Densho Digital Archive
Densho Visual History Collection
Title: Frank Yamasaki Interview I
Narrator: Frank Yamasaki
Interviewers: Lori Hoshino (primary), Stephen Fugita
Location: Lake Forest Park, Washington
Date: August 18, 1997
Densho ID: denshovh-yfrank-01-0030

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LH: Did you find that when you were in prison at McNeil that you were bonded together with the other resisters in a way?

FY: No. Again, we are assigned different work. Now in my case, possibly because of my health, right from the beginning I was assigned to censor board and I kept books and it was in what they called the civilian area, so the people were all civilian people. And then when I got ill, they had me outside and then they fed me well at the officer's mess hall and then they shifted me to education. I was secretary there. So you know, I'm sort of isolated from the others in a sense. Funny now, I just wondered what a lot of the others... you asked me this... isn't that strange? I don't really remember what... some worked in a cannery, later on when we were all sent to the farm, there were some working in the dairy and again, out on the farm, I worked for the, they were civilian, they had a civilian crew and an engineer building up what they call a coffer dam there and I was his assistant, you might say, secretary. And there was a great time I had. I was alone. I just had to go out and check and see how much clearing that was done every day and at times I get to move these equipment, so I get the chance to drive the tractors or these big ton, heavy trucks, dump trucks and things. You know, I grinded the gear a lot. [Laughs]

And then the others, who are delivering, they would stop by and they would bring over fruit from the cannery and this and that and I asked for vegetables and one time Mr. Davidson, the project director, he comes in. He's talking to this lieutenant who is in charge of the guard. The other guy is a engineer and he's talking to him and he says, "You know, it was a funny thing. I come into this" -- they have a little shed there -- "and it smells like something is rotten, you know." So he goes around and look and he says, "You know, I found this pot here with a whole bunch of cucumber and a rock on top." [Laughs] I heard that see, and I was making tsukemono for the gang. [Laughs] And then he says, "And then another day, I go to in back of the shed to take a leak and as a I take a leak, geez, there is a whole bunch of apples down there buried." [Laughs] So there was some crazy moments.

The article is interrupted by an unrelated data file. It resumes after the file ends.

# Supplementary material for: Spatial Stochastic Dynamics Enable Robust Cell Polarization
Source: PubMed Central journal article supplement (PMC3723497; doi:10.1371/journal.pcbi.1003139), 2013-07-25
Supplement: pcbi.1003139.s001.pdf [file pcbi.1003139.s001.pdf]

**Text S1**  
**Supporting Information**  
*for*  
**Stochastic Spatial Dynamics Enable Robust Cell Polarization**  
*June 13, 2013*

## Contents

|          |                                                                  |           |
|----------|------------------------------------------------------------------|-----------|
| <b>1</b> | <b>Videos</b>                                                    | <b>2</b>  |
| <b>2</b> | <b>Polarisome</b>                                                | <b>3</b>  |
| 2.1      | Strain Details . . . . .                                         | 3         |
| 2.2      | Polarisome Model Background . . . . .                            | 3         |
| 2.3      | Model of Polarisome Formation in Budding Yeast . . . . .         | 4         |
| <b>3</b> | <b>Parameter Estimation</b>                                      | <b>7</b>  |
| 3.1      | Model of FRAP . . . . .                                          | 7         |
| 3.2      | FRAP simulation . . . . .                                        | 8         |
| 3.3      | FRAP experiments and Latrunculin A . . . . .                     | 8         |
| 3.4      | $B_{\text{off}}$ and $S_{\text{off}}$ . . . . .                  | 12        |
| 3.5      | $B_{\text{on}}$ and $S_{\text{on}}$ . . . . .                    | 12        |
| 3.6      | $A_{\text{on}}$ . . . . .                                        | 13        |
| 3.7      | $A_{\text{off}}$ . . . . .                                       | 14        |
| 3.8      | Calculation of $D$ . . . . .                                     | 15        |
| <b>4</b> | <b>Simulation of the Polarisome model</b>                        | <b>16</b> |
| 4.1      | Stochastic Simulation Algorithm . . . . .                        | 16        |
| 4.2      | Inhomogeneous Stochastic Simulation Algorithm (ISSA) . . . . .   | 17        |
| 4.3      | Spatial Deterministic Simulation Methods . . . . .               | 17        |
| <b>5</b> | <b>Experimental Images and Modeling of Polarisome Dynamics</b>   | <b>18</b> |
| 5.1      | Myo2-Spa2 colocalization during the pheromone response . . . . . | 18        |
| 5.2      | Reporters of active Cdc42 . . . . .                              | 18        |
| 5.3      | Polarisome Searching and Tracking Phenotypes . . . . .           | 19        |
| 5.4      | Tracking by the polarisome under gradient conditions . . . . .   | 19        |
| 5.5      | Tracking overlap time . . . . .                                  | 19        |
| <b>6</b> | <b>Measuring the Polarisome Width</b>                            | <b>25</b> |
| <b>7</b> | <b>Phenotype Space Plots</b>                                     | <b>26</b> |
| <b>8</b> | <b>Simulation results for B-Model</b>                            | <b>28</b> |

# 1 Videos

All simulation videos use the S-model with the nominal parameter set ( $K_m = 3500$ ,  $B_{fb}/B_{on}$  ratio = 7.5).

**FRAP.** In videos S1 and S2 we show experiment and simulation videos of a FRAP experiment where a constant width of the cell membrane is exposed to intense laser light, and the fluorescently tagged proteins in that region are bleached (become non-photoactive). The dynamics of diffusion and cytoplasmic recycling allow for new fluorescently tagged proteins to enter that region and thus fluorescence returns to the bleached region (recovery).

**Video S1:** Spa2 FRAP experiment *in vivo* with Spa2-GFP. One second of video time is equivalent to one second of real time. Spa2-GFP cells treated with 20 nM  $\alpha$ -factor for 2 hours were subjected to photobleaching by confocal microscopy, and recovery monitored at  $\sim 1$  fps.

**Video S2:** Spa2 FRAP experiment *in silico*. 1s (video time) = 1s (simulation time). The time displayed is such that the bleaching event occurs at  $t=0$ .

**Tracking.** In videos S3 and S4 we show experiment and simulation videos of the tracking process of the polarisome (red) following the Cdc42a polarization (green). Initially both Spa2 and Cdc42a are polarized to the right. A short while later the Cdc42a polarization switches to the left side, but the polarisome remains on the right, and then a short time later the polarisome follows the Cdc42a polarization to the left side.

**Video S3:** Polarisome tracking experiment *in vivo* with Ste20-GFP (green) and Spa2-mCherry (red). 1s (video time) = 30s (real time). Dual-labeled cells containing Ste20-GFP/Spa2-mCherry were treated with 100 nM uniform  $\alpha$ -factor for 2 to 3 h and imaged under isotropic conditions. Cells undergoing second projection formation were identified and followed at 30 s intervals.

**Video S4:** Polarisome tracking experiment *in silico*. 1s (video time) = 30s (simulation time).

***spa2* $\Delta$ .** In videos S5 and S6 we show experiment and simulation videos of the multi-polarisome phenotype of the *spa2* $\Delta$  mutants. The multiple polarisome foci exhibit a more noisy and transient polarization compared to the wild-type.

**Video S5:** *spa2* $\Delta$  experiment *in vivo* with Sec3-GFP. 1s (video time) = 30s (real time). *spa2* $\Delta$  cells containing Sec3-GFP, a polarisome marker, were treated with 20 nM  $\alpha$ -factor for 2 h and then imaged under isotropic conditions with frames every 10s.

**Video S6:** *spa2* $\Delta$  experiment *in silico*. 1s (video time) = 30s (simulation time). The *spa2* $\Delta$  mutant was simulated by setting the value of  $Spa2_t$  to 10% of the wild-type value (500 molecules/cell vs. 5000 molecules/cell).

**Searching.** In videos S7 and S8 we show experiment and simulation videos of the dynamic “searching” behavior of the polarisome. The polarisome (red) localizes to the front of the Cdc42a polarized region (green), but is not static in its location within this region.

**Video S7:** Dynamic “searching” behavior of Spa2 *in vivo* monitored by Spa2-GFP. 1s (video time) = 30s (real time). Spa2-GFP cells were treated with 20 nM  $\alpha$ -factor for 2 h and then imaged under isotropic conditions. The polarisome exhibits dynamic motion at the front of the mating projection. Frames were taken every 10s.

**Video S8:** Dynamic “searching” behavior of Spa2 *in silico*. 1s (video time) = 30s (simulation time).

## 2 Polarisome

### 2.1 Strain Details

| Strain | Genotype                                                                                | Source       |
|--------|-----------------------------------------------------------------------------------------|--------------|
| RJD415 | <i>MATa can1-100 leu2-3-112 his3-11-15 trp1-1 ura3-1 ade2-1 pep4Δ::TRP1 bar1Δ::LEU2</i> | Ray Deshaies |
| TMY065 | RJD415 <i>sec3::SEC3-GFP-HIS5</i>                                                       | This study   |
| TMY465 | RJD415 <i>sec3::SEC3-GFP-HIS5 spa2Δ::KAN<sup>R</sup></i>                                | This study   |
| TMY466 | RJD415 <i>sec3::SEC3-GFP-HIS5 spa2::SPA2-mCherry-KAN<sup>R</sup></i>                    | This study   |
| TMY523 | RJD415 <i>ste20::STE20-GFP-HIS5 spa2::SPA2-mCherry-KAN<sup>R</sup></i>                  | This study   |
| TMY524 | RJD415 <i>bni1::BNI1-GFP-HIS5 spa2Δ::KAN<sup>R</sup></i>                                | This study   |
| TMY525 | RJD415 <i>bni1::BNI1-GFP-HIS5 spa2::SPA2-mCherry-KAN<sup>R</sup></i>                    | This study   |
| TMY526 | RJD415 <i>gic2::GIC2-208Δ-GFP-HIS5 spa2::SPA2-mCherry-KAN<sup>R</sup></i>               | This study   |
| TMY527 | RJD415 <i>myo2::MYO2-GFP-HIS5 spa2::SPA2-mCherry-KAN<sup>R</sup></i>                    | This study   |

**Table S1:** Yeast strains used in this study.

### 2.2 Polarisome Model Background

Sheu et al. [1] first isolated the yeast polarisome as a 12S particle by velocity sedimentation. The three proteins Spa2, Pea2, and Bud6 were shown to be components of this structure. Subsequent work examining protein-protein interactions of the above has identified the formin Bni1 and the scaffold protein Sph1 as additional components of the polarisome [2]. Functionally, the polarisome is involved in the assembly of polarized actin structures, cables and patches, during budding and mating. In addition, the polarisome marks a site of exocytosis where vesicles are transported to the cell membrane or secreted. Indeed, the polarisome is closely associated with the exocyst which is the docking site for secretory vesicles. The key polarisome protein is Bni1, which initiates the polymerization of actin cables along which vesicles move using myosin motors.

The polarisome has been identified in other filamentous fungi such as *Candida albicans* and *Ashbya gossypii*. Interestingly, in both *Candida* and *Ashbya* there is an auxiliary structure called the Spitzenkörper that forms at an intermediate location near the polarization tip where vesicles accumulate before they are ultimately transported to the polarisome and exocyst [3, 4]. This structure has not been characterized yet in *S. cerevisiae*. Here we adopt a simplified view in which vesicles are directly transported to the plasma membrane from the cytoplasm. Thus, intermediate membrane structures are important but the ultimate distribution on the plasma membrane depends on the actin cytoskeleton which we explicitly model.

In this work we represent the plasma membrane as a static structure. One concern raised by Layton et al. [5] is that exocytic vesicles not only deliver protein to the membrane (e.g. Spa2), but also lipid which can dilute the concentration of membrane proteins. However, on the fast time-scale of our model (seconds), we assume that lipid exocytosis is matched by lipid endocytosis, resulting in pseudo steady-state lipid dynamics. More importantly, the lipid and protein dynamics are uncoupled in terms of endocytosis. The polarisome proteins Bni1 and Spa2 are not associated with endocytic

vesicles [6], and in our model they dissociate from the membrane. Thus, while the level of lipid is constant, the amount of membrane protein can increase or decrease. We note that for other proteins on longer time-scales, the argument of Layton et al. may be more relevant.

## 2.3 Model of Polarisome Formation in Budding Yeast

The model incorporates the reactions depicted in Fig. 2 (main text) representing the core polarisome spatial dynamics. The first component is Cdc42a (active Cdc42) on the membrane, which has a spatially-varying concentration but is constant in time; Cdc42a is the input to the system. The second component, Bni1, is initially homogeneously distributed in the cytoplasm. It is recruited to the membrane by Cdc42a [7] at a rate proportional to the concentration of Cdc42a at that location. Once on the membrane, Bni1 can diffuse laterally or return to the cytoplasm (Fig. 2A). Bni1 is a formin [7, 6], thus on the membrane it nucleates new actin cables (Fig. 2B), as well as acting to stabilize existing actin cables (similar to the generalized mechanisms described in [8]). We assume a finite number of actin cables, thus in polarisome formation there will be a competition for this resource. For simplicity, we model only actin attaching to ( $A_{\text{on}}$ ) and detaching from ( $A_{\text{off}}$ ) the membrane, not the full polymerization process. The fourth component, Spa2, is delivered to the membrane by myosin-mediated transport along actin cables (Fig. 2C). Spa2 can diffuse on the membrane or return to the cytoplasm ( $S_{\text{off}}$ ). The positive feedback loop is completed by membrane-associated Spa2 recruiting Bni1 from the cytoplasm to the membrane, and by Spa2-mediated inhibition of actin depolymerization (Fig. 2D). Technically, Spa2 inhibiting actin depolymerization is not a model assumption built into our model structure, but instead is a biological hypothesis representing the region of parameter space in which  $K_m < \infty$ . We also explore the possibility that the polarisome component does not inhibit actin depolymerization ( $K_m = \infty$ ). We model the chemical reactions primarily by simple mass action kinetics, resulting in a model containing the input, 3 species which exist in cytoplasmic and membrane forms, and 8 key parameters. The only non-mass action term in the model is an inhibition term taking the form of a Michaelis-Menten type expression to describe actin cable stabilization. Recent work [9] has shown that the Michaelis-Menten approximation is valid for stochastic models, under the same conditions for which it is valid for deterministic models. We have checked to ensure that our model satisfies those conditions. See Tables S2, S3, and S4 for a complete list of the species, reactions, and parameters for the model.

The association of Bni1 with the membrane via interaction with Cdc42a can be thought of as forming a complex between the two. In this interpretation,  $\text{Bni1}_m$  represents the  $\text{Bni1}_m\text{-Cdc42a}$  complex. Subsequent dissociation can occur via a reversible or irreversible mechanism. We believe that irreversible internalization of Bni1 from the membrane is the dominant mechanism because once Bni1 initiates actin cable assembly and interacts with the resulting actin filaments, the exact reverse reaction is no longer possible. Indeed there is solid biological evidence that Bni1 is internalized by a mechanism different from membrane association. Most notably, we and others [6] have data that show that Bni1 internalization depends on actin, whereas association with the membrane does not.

And when we went out to the farm, of course, they were still part of the Heart Mountain people there. And there was some very sad, tragic... there was one fellow name Fred and it was his last day. He was the electrician there. Nice looking guy, good athlete. You know, tall. And his folks and his sweetheart was waiting for them across the channel there over in Steilacoom and at the last minute he was showing his new trainee how to, he went into the shed and I happened to be on a sick leave that day. And he went in to show him how to pull the switch and all that. And he didn't have to. He was already, all he had to do was leave. And the last minute, he went, and apparently there was a microscopic leak in the handle. And usually he used a stick to kick it down, but he was in a hurry. This was early in the morning, so there was moisture on the floor, cement floor [imitates sound of electric burst]. He died right there. They tried to revive him, very sad because you can imagine the shock, that instead of walking over there, he (went) across in a casket.

LH: Gosh, so close.

FY: That was, I think that was the biggest tragedy as far as the... nice guy, too.

SF: When you were at McNeil, did any people visit you?

FY: Pardon?

SF: When you were in McNeil, did folks come and visit you?

FY: Yes, yes. My mother and my brother came twice. And it was very hard, when you're in an institution like that. It is similar to the camp. If you don't think about the outside, then you can tolerate that. Then when they come, you see them and then for days you think about it. You think about the outside and all that. There were times where college students, they're apparently taking sociology or penology or something, and they want to take tours and I'd be in education and they would come storming in and that was very hard, too. You see young girls. So it's ironical that you're there, it's better to just completely shut the outside off. So you put this in a different channel and...

LH: What did you look forward to? What got you through the prison time?

FY: I think just keeping busy. Always had something to read. Always one activity or another. Just keeping busy. We were allowed three letters a week. Being working in the censor so all the letters go through there. So I can write an extra one and they don't know. I posted the letters.

<End Segment 30> - Copyright © 1997 Densho. All Rights Reserved.